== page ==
MEdSim Magazine and the University of South Florida’s Center for Advanced Medical Simulation and Learning (CAMLS) sponsored a two-day conference in February that focused on five critical challenges facing medical education and training:
- Faculty development and retention.
- Hospital organization.
- Competency based training and practice.
- Breaking down silos.
- Valid assessment tools for technical and non-technical skills.
Program speakers and working groups addressed these challenges that participants identified through a survey prior to attending the conference.
In welcoming the group to CAMLS, CEO Deborah Sutherland, PhD, described the design, purpose and structure of the simulation center and explained that it follows an Academic Entrepreneurial Model – meaning that while it receives funds to help run the center, it is set up like a sustainable business to help cover the remainder of its expenses. So in addition to serving all of the University of South Florida’s needs, CAMLS is prepared to make its facility and services available to specialty societies, hospitals and healthcare systems, medical device companies, insurance companies and many others.
Andy Smith, Publisher and CEO of Halldale Group, which publishes MEdSim, talked about Halldale’s 20-year history and involvement in training through simulation, first with publications for the defense and aviation industries, and most recently for medicine with the launch of MEdSim three years ago. He explained how Halldale has been instrumental in identifying and addressing education and training challenges in the other industries, and established the MEdSim/CAMLS meeting to help do the same for the medical industry.
To help get the groups started in addressing the challenges, a series of speakers talked about their centers and thoughts on the future of healthcare education and training. John Schaefer, III, MD, Director of HealthCare Simulation of South Carolina (HCSSC) described the process the group’s founders took in establishing this state-wide collaborative – and how and why it works. Stuart Hart, MD., the Director of CAMLS Technology and Innovation Center, talked about projects and initiatives the center is involved in – such as medical device validation studies. Jan Cannon-Bower, PhD, Director of Research at CAMLS explained how the facility uses an Evidence-Based Best Practice approach to its educational planning process and how and why it is a good model for CAMLS. Rajesh Aggarwal, MD, PhD, currently a gastrointestinal surgeon and instructor, University of Pennsylvania and soon-to-be the simulation director for McGill University’s medical school, talked about surgical education in resident programs, a Value-Based Model for surgical education and a new course design he is developing with colleagues. Howard Champion, MD, founder and CEO of SIMQUEST, discussed where surgical education and training currently stands and where it needs to go. Roger, Smith, PhD, and Chief Technology Officer for Florida Hospital’s Nicholson Center gave an overview of the goals of the Fundamentals of Robotic Surgery curriculum development, steps taken, including the development of a skills trainer for psychomotor testing and the inclusion of all surgical societies that wished to participate in the development of the basic curriculum, the skills trainer and the validation study to be conducted this year.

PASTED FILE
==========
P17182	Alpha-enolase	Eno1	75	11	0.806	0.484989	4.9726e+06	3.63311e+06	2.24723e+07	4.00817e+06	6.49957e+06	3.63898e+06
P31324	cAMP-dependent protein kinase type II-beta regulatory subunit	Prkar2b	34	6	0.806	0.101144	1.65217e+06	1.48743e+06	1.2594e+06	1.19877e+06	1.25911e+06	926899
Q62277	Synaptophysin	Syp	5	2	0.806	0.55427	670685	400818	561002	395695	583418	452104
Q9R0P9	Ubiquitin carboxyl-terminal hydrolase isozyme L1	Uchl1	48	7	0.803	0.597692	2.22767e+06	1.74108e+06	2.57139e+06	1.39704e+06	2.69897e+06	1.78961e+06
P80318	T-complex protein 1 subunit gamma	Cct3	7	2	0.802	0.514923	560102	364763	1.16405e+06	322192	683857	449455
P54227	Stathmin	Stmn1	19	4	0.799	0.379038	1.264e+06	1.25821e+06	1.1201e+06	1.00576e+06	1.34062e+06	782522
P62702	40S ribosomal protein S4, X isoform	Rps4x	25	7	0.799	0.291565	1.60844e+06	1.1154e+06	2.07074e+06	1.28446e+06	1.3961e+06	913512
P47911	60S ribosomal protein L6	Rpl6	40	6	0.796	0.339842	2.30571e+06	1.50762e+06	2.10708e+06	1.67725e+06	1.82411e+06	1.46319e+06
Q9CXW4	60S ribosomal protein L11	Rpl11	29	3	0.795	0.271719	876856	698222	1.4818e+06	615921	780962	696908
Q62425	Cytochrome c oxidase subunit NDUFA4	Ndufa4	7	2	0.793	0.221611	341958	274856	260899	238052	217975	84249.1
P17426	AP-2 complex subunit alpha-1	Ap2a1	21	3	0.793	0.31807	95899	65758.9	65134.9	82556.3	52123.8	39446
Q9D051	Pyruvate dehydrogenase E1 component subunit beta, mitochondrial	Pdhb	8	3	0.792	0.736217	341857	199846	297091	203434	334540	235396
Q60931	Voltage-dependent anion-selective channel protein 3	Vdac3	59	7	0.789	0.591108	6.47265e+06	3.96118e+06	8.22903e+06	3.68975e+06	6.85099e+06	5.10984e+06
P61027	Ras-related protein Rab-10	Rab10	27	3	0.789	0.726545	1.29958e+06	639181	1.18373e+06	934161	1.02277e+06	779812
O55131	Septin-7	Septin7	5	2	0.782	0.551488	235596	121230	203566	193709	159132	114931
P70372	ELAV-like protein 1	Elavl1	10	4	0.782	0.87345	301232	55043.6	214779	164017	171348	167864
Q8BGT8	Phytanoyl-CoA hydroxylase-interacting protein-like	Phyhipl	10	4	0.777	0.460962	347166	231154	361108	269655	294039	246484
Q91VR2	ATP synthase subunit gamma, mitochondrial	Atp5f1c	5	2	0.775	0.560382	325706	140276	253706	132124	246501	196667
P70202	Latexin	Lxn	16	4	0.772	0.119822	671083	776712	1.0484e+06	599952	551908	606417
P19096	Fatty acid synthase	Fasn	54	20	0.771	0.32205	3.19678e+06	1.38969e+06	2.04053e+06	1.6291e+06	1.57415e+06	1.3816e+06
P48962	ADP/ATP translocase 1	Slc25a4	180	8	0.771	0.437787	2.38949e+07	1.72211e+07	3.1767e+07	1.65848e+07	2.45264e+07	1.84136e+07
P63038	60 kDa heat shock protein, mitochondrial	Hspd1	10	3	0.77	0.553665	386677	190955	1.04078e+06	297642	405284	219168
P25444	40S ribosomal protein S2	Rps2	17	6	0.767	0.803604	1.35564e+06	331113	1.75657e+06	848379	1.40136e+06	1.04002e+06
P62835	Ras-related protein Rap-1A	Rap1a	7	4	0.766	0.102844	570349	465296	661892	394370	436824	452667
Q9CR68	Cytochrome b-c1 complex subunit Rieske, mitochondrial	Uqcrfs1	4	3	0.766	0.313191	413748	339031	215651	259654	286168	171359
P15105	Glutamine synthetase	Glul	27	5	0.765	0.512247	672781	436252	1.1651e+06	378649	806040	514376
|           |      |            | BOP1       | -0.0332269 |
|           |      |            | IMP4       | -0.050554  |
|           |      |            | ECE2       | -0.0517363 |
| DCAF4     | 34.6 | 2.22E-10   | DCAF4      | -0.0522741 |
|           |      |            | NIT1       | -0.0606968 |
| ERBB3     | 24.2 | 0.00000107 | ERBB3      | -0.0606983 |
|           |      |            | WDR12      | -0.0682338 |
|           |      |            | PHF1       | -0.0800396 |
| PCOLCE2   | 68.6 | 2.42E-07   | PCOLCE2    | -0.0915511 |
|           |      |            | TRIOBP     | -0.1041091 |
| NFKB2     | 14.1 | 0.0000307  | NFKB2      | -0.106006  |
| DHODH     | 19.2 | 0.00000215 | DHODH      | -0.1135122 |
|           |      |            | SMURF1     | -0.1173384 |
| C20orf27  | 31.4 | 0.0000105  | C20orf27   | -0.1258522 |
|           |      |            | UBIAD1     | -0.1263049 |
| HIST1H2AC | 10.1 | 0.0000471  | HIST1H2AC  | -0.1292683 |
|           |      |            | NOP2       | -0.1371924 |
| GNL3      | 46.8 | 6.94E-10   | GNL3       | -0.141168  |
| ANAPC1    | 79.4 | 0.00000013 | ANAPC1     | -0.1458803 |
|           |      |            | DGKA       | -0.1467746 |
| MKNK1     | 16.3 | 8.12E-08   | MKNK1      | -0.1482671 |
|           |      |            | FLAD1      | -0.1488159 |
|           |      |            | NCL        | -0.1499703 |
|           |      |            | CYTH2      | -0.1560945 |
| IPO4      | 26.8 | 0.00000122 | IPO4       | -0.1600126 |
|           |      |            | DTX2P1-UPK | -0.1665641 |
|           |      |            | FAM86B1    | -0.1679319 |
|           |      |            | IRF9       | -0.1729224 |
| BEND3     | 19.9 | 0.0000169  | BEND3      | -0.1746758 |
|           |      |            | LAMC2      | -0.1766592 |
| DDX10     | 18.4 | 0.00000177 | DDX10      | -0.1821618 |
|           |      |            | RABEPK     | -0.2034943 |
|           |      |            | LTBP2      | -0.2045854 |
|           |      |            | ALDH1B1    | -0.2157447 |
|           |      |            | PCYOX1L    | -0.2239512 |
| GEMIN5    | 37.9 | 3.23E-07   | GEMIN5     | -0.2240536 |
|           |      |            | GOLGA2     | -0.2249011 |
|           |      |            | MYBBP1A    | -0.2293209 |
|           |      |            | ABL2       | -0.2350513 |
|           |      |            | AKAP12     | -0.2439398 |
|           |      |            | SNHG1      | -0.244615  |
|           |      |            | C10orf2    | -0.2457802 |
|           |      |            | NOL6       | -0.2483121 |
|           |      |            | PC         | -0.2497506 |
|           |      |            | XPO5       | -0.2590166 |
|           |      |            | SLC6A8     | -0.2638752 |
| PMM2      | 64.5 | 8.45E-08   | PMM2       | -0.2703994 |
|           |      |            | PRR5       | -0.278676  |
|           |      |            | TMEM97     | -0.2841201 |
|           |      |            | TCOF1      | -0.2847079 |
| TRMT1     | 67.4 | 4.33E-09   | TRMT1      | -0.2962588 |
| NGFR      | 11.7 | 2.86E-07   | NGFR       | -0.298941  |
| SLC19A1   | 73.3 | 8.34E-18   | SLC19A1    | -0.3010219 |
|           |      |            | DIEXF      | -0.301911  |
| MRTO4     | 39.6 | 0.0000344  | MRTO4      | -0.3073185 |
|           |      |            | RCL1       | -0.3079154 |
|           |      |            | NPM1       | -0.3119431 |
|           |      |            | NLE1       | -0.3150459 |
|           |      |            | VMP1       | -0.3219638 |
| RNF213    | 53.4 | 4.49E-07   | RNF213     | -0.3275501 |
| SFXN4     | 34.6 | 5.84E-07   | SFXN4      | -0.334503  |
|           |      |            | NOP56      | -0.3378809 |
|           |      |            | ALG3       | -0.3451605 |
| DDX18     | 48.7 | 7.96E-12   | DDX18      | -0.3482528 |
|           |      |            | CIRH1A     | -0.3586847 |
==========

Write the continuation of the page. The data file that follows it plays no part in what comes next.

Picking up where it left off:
In the afternoon of day one, attendees participated in self-selected working groups to address the five challenges. All of the groups had assigned leaders and were tasked with establishing goals and developing steps to accomplish those goals. The groups met again on day two, and each group gave a report on their accomplishments and next steps to the conference participants before the conference adjourned. All of the groups – and their members – committed to meet on an ongoing basis to help make strides in addressing the critical challenges. Each group will be able to add new members who provide a special capability that group needs and they all will reconvene and make progress reports at the HEATT Conference in August in Orlando.
On the second day, three more speakers discussed their thoughts and experiences in the issues facing simulation in healthcare education and medical training. John Armstrong, MD, Florida’s Surgeon General talked about the economic and healthcare capabilities Florida offers and said that simulation is the bridge between undergraduate, graduate and continuing education. Richard Satava, MD, Professor Emeritus of Surgery at the University of Washington, reviewed the five challenges and paths to overcoming them, and gave a brief look at the future of medical education and training. Jeff Berkley, CEO of MIMIC Technologies, Inc. talked about the challenges and opportunities of simulation in robotic surgery and how to achieve proficiency in surgical training.
Editor’s note: The CAMLS conference took place right before this issue of MEdSim went to print. MEdSim Issue3, 2014 will include an in-depth conference report.